Last year, 1.5 per cent of pupils in the UK’s state-funded schools failed to achieve five or more GCSE passes in their end-of-school exams.
Compare that to South Africa’s Limpopo Province, where .1 per cent failed to pass their nearest equivalent, the National Senior Certificate. That equates to 20,000 17- and 18-year-olds finishing school in the province without fulfilling their basic educational requirements. It’s an overwhelming statistic, and one that Limpopo’s Education Board has now agreed needs overseas support to tackle.
The University of Warwick already works with a number of African schools as part of its student-teacher ‘Warwick in Africa’ programme, and it was building on these links that enabled the university’s Centre for Education Studies – in partnership with Limpopo’s University of Venda – to win a £52,000 grant last summer from the UK’s Foreign and Commonwealth Office for a project aimed at improving educational attainment in Limpopo’s secondary schools.
This led to a visit to the UK in OCtober by a group of Limpopo school principals, Venda staff and provincial education board members, who worked with Warwick lecturers to develop an understanding of the needs of head teachers in the province, followed last month by a reciprocal trip by three members of Warwick staff, of which I was one, so we could see for ourselves the challenges facing the region’s educators.
Some of the schools we visited on our five-day tour of the Vhembe district of Limpopo were in crisis. Their primary concerns were basic human needs such as the supply of fresh water, flushing toilets and kitchens in which to prepare school meals. Buildings lacked windows, doors and even flat floors (we saw desks precariously balanced in potholes in some of the classrooms we were shown).
For the better performing schools, basic resources were more evident, but it was clear that a chronic lack of planning had left principals confused about the future – computer blocks had been built, but there were no computers to put in them, and in any case it was unclear to the teachers, whose access to technology was limited, how they could possibly gain the necessary expertise to teach with the missing machines.
We met many passionate teachers who were determined to help their students succeed. But, hamstringed by the lack of resources, it was also evident how difficult it was for staff to stay motivated.
Despite all this, the students were often inspirational characters: their desire to create a professional future, either beyond the small rural communities they had grown up in or in a way that would benefit their communities, was fierce. The schools must be commended for instilling such ambition and motivation under extremely challenging circumstances, and many of the students had career goals that were recognisable to those of us working in the UK: those we met aspired to be lawyers and accountants, doctors and nurses, pilots and computer scientists.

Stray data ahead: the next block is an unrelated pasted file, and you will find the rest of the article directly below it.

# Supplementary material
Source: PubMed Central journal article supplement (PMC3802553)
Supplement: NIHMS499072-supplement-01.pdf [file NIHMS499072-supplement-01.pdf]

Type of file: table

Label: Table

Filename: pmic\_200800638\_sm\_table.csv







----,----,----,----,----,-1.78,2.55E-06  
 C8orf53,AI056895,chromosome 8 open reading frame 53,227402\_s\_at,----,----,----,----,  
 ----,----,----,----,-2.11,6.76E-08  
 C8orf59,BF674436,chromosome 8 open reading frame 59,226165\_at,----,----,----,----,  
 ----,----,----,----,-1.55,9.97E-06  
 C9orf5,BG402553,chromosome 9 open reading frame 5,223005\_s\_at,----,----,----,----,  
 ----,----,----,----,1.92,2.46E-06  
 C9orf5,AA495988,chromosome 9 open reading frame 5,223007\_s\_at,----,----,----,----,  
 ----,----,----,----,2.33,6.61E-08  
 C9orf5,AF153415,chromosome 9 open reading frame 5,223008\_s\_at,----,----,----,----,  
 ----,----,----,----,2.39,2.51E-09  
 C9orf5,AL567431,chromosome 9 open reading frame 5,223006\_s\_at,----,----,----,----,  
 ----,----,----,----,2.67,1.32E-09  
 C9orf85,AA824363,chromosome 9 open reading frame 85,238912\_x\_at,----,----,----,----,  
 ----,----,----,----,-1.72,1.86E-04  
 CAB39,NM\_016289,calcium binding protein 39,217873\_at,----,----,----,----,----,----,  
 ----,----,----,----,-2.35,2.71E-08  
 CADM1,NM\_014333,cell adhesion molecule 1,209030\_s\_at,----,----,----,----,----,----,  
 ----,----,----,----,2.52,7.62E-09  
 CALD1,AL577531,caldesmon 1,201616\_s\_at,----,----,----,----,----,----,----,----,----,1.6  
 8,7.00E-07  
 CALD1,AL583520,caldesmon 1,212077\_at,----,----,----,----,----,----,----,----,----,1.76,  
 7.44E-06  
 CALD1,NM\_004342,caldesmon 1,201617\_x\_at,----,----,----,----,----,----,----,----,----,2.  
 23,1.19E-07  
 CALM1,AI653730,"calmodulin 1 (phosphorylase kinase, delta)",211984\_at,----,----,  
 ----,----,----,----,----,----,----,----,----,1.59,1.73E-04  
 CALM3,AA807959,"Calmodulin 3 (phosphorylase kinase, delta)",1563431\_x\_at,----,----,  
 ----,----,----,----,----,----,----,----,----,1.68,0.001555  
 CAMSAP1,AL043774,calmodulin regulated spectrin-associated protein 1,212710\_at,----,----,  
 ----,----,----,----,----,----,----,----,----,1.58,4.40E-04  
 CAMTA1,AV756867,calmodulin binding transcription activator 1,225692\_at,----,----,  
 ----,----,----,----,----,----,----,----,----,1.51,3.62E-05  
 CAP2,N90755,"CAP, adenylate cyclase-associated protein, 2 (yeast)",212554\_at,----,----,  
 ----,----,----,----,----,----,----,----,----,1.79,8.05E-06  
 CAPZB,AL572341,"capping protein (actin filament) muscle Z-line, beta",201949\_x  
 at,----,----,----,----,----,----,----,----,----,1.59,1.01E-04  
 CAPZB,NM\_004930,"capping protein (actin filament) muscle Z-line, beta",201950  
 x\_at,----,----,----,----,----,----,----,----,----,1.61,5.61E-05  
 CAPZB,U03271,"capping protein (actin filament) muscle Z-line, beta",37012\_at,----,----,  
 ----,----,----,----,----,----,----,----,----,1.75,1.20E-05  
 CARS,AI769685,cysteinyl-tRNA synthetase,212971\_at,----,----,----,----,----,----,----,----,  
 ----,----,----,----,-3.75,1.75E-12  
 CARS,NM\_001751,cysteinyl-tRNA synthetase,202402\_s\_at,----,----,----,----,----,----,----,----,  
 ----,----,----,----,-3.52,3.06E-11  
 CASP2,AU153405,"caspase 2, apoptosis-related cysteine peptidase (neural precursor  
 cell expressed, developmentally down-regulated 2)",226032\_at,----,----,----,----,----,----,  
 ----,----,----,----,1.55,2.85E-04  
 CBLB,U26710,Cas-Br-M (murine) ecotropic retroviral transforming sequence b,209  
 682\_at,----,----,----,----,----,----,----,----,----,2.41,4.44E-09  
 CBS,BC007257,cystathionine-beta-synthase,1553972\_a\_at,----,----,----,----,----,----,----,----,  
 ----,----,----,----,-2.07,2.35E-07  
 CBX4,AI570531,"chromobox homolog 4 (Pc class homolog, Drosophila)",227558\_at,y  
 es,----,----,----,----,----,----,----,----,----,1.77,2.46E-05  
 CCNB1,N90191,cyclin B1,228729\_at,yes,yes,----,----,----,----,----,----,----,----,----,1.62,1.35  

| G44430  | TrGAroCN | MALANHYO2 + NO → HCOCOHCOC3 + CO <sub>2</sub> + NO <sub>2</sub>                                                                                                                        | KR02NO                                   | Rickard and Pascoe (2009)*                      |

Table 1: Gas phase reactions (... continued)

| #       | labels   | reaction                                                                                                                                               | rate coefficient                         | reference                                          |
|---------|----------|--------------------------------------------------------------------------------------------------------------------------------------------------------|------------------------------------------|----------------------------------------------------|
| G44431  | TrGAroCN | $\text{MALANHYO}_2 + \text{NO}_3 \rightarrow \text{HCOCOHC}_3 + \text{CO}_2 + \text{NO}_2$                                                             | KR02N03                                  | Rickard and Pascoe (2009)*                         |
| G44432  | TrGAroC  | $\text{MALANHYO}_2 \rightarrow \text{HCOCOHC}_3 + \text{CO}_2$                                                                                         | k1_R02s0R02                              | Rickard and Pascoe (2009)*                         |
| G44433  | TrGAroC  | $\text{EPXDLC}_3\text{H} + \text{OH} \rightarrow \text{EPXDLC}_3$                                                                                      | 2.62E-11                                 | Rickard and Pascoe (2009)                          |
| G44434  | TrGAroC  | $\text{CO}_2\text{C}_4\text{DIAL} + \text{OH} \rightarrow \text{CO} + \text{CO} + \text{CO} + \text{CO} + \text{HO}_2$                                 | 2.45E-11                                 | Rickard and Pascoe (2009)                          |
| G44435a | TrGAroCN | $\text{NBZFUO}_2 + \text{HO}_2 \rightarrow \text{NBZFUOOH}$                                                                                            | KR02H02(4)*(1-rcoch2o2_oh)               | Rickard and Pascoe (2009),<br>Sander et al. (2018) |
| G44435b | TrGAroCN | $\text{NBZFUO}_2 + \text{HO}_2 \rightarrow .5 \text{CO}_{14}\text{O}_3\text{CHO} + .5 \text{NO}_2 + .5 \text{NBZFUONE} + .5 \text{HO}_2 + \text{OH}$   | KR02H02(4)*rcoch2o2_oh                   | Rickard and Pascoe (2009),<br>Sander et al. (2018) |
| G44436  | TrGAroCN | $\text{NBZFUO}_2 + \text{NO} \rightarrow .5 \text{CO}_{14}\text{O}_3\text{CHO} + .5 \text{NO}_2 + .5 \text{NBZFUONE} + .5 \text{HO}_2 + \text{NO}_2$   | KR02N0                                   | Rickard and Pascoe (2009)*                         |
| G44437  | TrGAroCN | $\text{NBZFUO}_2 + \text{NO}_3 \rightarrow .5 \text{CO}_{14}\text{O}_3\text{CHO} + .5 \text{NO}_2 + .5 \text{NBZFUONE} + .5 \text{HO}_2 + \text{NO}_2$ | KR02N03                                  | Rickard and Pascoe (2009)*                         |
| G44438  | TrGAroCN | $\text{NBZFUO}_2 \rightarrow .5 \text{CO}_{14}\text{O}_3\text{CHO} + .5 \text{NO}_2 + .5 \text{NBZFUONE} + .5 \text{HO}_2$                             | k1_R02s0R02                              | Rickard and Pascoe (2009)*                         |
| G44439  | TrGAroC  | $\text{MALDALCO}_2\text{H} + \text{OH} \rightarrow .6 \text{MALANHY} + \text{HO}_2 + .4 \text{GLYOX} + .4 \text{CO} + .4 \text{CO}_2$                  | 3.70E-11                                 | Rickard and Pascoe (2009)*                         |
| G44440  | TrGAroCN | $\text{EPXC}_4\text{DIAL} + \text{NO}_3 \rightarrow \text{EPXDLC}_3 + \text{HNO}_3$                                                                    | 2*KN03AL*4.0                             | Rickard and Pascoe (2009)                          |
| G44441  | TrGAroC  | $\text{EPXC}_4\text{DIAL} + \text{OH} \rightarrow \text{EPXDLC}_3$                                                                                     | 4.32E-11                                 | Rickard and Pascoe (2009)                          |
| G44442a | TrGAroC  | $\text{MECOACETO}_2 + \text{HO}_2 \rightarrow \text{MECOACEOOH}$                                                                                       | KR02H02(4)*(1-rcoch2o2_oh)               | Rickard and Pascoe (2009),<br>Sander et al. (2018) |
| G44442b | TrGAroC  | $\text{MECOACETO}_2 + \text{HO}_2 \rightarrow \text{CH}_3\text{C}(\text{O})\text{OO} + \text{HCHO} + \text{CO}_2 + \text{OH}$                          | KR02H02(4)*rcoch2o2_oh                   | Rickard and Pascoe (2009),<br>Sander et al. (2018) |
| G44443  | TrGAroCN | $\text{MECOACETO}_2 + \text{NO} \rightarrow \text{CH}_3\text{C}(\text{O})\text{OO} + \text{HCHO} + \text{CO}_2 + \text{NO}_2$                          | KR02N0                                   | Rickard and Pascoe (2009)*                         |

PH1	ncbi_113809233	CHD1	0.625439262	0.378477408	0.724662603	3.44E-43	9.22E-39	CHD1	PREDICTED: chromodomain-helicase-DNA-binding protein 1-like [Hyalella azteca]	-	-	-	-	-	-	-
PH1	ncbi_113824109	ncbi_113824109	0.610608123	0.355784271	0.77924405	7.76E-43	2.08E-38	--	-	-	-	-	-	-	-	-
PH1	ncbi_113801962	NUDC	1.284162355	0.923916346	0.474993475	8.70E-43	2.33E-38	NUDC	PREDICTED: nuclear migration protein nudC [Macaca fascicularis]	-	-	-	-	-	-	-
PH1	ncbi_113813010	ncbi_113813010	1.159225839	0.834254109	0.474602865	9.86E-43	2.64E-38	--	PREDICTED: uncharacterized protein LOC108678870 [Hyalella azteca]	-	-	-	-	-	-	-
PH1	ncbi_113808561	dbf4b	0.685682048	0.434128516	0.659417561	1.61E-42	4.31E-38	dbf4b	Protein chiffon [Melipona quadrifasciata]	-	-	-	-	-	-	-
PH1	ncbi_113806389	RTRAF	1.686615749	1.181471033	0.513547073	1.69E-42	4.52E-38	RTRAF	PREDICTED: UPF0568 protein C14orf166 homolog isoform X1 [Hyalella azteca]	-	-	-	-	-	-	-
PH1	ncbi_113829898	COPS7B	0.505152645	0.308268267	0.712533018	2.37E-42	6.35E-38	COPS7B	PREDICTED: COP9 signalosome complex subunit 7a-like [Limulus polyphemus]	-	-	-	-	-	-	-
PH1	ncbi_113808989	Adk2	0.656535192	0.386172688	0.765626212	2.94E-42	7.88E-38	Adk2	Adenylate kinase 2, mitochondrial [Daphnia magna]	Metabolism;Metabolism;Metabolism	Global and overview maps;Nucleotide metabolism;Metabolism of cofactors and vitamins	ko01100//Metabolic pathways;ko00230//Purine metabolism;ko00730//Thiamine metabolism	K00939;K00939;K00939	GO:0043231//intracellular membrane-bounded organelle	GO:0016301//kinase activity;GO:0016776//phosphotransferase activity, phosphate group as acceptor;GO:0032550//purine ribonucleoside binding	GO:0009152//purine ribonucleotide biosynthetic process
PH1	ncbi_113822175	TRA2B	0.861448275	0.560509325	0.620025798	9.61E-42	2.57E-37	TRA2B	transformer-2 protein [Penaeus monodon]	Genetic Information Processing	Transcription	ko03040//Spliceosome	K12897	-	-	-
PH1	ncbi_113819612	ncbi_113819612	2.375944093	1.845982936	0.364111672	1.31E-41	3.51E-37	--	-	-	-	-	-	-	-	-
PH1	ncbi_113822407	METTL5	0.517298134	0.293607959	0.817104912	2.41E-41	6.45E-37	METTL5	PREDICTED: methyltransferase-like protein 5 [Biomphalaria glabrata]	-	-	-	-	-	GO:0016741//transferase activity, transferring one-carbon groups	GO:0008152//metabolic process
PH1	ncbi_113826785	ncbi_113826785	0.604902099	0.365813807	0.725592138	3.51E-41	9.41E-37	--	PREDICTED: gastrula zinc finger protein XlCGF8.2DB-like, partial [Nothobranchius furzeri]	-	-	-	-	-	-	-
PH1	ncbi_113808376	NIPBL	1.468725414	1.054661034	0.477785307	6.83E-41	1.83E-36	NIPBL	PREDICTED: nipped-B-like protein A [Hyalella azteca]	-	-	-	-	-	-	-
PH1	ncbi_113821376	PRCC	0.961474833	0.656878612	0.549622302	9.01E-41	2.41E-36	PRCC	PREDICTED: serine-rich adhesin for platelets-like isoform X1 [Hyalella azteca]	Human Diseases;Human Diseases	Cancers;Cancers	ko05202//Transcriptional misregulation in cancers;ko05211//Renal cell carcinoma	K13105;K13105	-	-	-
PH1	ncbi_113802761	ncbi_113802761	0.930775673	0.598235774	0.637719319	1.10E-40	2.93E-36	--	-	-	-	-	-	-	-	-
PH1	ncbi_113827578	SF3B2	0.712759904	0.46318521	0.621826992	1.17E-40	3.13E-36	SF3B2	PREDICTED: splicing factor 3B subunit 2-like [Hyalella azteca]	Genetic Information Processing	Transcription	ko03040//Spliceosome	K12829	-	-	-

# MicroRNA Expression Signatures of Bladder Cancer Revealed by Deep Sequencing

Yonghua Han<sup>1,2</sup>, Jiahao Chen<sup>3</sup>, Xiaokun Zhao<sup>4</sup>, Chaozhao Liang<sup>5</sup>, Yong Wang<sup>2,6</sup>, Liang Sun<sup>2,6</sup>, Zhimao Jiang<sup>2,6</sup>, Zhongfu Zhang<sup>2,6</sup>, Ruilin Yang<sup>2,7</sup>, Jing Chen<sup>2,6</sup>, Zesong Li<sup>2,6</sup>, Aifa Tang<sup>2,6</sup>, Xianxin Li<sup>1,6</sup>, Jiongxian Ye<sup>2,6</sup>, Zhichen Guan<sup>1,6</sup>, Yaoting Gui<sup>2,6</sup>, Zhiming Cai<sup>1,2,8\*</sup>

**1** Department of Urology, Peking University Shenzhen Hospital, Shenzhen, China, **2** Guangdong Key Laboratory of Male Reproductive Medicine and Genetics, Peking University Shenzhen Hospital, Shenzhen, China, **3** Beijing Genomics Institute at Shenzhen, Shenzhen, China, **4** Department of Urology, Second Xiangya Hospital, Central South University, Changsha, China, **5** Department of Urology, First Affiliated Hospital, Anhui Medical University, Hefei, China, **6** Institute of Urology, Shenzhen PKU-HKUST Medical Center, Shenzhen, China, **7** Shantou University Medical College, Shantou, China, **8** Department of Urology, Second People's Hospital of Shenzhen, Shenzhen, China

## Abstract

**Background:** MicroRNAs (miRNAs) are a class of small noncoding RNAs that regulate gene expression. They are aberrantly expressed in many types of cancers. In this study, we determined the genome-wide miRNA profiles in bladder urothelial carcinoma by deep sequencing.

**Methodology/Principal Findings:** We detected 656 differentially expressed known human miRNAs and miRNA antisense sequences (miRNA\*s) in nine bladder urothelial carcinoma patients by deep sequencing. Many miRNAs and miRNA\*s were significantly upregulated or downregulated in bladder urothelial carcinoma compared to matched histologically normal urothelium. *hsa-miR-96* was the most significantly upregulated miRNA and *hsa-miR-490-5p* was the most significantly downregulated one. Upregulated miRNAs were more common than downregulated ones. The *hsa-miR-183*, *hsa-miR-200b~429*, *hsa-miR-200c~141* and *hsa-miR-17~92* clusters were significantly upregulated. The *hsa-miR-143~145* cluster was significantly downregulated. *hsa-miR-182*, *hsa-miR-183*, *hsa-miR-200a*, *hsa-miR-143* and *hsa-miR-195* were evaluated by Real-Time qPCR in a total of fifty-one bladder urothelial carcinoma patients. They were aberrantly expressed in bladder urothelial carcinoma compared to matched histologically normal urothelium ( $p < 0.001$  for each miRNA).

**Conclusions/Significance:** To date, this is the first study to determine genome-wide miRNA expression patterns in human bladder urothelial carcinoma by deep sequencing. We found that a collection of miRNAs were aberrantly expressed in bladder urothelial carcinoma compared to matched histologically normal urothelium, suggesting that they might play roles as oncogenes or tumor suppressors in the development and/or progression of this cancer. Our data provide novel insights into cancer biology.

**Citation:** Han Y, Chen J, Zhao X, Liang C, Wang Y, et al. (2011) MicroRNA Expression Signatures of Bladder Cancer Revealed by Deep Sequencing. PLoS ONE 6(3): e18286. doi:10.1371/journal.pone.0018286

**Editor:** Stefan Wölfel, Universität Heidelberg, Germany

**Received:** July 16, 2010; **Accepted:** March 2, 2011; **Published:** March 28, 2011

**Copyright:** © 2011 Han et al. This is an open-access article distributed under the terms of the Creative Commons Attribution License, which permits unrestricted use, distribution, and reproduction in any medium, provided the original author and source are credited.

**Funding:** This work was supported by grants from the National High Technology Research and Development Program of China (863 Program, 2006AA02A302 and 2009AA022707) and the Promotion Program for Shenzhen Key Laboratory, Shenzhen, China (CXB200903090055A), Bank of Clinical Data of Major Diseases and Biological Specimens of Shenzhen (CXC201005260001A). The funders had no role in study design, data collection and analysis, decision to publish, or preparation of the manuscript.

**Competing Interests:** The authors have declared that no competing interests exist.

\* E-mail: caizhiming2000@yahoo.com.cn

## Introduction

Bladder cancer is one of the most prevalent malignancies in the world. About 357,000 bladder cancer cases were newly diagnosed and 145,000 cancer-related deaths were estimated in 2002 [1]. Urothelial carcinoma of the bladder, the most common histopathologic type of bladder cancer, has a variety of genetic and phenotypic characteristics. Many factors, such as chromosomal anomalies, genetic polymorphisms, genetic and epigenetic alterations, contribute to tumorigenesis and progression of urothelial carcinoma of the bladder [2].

The difference is the opportunity for these young adults to turn dreams into reality. One 18-year-old intent on training as a lawyer had little concept of what practising law would involve, or what life at university might be like. He wasn’t even sure of the marks he needed in his National Senior Certificate to secure a university place. He also admitted that his concentration levels in class were hampered by the searing heat (which reached 38 Celsius during our stay) and the three-hours he spent walking to and from school each day.
So what can we, as academics here in the UK, do to help? We weren’t there to offer resources – our pot of money does not extend to kitting out computer labs or building new toilet blocks. But we saw areas where, with the right guidance, there was potential to turn around those feelings of hopelessness among the teaching staff.
Working with our colleagues in Limpopo, we identified a number of areas where we could usefully offer guidance, including strategies for smarter leadership and management, the nurturing of better school-to-school support, and a focus on parental and community engagement to help improve attendance and discipline. We also saw opportunities to improve communication between staff within schools, and to embed feelings of motivational responsibility at the management level.
Our evidence-based recommendations form the backbone of a new bid submitted this week to the FCO’s Prosperity Fund, which would enable us to go back and work with the same school principals who visited in October; to build on what they learned, understand how they can implement our strategies, and train them to support more schools– a sort of ‘pay-it-forward’ approach, if you will.
The changes will be small at first, and we know that it takes time for such things to have a real impact. But if the work we do helps just one school improve the chances of educational achievement for a handful of students, we’ve done our job.